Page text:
Later that day, CIA director Mike Pompeo informed the university that he supported Morell’s decision and was canceling a scheduled appearance that evening at the Kennedy School. Early the next day, Elmendorf announced that the school was withdrawing the invitation to Manning “and the perceived honor that it implies to some people.” Two other controversial figures that the Institute of Politics had also invited to become fellows—former Trump officials Sean Spicer and Corey Lewandowski—faced no such sanction. An online petition organized by a group of Harvard graduates that criticized Elmendorf’s decision attracted more than 15,000 signatures. “By caving in to pressure from present and former top officials of the CIA,” it stated, “you have jettisoned academic freedom.”
For all the differences between Chelsea Manning and Kenneth Roth—the former a leaker and whistleblower convicted of having violated the Espionage Act, the latter a leading human rights advocate—they suffered similar fates, and together they suggest a fundamental reality about the Kennedy School: the dominant presence of the US national security community and its close ally Israel.
The Kennedy School is one of the world’s premier schools of government and public policy. It offers everything from doctorates and master’s degrees in public policy and administration to one-week executive training sessions that cost $10,250 and allow participants to put Harvard on their résumés. It is not a single cohesive institution but rather a conglomeration of fiefdoms and bailiwicks that deal with everything from conflict resolution, nuclear proliferation, and climate change to urban policy, financial regulation, and voter mobilization. Among the largest of these are the Center for Public Leadership, which seeks to create “a more equitable and just world” and includes a “leadership and happiness laboratory” (led by Arthur Brooks, a former president of the American Enterprise Institute who has written such books as Who Really Cares: The Surprising Truth About Compassionate Conservatism); the Mossavar-Rahmani Center for Business and Government, which brings together “thought leaders” from the public and private sectors to create an “incubator of ideas” to “inform policy-based options and solutions” (under the direction of former treasury secretary Lawrence Summers); and the Shorenstein Center on Media, Politics and Public Policy, which annually brings journalists and academics from around the country to describe and diagnose the challenges facing the news industry. Each of these bodies has its own fellows who serve with the approval of the dean, who presides over the school as a whole.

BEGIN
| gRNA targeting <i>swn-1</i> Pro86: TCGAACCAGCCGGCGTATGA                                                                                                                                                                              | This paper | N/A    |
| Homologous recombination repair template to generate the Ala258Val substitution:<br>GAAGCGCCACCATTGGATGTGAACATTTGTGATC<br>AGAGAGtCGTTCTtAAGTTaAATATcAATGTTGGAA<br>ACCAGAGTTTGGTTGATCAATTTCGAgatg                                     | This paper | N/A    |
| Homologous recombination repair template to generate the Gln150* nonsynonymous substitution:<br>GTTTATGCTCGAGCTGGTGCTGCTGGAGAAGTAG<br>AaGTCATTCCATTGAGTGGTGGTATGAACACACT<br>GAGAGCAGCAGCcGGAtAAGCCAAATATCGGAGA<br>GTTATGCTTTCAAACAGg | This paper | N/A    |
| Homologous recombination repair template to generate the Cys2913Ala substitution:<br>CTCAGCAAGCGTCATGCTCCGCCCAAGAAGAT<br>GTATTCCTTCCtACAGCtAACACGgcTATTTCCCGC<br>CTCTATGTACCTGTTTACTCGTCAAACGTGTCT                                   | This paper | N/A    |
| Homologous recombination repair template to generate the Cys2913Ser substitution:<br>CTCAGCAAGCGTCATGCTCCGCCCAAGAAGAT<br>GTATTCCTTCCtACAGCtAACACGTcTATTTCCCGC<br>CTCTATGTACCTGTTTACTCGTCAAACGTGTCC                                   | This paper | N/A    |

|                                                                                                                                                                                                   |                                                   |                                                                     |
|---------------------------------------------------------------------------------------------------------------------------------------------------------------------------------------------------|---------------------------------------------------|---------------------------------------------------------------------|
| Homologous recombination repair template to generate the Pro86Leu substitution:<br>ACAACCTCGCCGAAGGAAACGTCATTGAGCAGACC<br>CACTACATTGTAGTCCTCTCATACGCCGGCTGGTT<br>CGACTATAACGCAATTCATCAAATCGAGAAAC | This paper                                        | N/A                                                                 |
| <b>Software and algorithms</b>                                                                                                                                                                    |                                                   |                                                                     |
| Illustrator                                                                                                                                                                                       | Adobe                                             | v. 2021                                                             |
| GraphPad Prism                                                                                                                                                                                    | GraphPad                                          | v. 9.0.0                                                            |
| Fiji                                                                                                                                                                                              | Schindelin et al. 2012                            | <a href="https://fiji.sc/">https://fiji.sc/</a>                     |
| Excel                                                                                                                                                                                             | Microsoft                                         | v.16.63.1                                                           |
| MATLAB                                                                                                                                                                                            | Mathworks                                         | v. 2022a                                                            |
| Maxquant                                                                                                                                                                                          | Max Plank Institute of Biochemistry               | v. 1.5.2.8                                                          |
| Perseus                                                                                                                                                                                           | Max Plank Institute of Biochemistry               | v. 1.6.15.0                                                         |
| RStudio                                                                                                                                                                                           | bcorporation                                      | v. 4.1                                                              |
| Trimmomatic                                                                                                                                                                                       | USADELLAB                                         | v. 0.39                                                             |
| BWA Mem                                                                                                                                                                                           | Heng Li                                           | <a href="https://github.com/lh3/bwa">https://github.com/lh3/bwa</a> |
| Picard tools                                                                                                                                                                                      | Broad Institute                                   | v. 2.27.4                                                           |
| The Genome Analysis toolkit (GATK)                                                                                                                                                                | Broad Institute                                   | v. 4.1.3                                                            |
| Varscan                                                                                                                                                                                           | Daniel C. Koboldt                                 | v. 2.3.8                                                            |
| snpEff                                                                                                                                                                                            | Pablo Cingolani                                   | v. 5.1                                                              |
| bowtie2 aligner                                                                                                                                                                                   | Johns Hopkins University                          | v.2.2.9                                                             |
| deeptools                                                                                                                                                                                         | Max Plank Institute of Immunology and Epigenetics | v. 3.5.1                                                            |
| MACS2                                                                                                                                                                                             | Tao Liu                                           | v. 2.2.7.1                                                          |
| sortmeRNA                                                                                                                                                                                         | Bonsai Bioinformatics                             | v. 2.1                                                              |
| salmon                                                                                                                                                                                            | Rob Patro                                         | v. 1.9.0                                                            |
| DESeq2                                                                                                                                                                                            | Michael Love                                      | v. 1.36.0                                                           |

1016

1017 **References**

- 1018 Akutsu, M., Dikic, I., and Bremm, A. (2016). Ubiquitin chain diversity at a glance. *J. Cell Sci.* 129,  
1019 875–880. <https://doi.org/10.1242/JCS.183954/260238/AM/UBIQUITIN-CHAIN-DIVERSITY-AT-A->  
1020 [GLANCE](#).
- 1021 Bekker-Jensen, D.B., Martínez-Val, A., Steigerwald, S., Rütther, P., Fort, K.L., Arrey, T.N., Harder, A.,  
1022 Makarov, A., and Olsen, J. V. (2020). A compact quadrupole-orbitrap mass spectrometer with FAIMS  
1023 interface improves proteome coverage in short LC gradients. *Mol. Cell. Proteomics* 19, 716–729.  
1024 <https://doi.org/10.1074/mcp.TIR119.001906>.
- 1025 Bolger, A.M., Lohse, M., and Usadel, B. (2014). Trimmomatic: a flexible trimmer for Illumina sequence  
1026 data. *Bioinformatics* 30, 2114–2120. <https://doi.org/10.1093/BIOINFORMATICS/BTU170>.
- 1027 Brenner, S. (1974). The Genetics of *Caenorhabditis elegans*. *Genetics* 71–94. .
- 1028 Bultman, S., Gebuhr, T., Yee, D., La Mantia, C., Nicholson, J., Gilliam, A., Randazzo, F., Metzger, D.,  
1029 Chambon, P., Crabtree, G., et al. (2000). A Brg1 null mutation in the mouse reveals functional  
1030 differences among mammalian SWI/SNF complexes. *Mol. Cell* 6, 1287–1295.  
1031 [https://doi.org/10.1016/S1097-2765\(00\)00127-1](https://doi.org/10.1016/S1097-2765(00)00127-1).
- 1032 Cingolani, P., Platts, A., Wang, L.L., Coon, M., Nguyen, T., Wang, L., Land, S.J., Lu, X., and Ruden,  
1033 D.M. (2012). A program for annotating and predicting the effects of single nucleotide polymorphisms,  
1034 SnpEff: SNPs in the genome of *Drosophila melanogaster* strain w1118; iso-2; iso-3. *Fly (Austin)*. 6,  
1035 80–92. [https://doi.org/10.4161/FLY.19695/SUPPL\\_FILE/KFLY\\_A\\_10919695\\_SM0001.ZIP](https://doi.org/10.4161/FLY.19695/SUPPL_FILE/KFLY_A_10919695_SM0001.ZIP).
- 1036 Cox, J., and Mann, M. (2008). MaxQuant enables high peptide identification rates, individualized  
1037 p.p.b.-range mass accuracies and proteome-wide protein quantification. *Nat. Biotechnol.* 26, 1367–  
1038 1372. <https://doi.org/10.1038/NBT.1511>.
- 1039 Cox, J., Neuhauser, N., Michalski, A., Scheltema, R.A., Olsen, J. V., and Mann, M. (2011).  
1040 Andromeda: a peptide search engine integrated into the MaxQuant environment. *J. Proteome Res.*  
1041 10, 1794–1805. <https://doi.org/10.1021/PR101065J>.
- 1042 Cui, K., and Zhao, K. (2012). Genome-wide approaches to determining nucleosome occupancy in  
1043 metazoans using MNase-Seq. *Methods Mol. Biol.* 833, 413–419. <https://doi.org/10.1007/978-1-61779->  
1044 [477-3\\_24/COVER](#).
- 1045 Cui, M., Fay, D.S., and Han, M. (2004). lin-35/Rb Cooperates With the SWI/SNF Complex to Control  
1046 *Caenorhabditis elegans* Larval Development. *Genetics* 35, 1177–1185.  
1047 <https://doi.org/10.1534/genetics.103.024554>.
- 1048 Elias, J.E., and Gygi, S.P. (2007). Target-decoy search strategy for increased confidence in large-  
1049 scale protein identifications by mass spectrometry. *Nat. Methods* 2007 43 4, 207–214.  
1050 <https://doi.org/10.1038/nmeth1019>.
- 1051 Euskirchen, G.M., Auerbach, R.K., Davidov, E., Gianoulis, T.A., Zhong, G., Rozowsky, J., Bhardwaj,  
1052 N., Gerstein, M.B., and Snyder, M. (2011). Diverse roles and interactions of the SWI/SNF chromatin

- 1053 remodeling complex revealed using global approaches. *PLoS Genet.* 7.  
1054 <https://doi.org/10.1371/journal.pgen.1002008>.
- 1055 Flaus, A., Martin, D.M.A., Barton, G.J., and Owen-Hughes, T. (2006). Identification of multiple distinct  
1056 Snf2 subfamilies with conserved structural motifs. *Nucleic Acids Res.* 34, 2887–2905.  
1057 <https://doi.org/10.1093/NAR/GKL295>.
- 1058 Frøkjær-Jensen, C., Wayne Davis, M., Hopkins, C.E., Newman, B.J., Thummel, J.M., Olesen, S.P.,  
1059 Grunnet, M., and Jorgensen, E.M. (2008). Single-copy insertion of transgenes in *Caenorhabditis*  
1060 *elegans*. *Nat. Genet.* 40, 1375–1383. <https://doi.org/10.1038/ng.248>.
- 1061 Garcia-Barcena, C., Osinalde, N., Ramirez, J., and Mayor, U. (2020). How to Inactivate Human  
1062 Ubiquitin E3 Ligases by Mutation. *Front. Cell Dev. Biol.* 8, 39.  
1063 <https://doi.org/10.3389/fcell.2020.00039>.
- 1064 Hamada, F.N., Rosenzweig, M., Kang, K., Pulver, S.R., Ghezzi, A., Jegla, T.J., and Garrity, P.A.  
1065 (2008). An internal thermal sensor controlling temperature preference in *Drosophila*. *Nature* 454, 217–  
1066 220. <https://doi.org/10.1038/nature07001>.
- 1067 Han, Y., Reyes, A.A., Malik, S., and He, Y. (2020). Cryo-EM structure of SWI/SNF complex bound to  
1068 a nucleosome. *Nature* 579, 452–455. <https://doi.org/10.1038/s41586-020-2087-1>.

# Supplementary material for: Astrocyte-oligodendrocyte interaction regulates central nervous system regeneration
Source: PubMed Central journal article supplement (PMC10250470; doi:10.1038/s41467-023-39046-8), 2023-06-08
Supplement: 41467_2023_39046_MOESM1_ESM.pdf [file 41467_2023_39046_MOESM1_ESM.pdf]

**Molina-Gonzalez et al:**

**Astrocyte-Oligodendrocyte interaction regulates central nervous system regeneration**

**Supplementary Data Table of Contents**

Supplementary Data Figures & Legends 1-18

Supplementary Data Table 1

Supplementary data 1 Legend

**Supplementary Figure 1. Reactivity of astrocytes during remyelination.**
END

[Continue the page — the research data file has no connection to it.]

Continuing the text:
The Carr Center, with an eight-person staff and 32 fellows, is among the smallest and poorest of the school’s subdivisions. Its survival from year to year is precarious, as its mission of promoting human rights and exposing government abuses often sits uncomfortably with the institutes that deal with defense policy, military strategy, and intelligence gathering.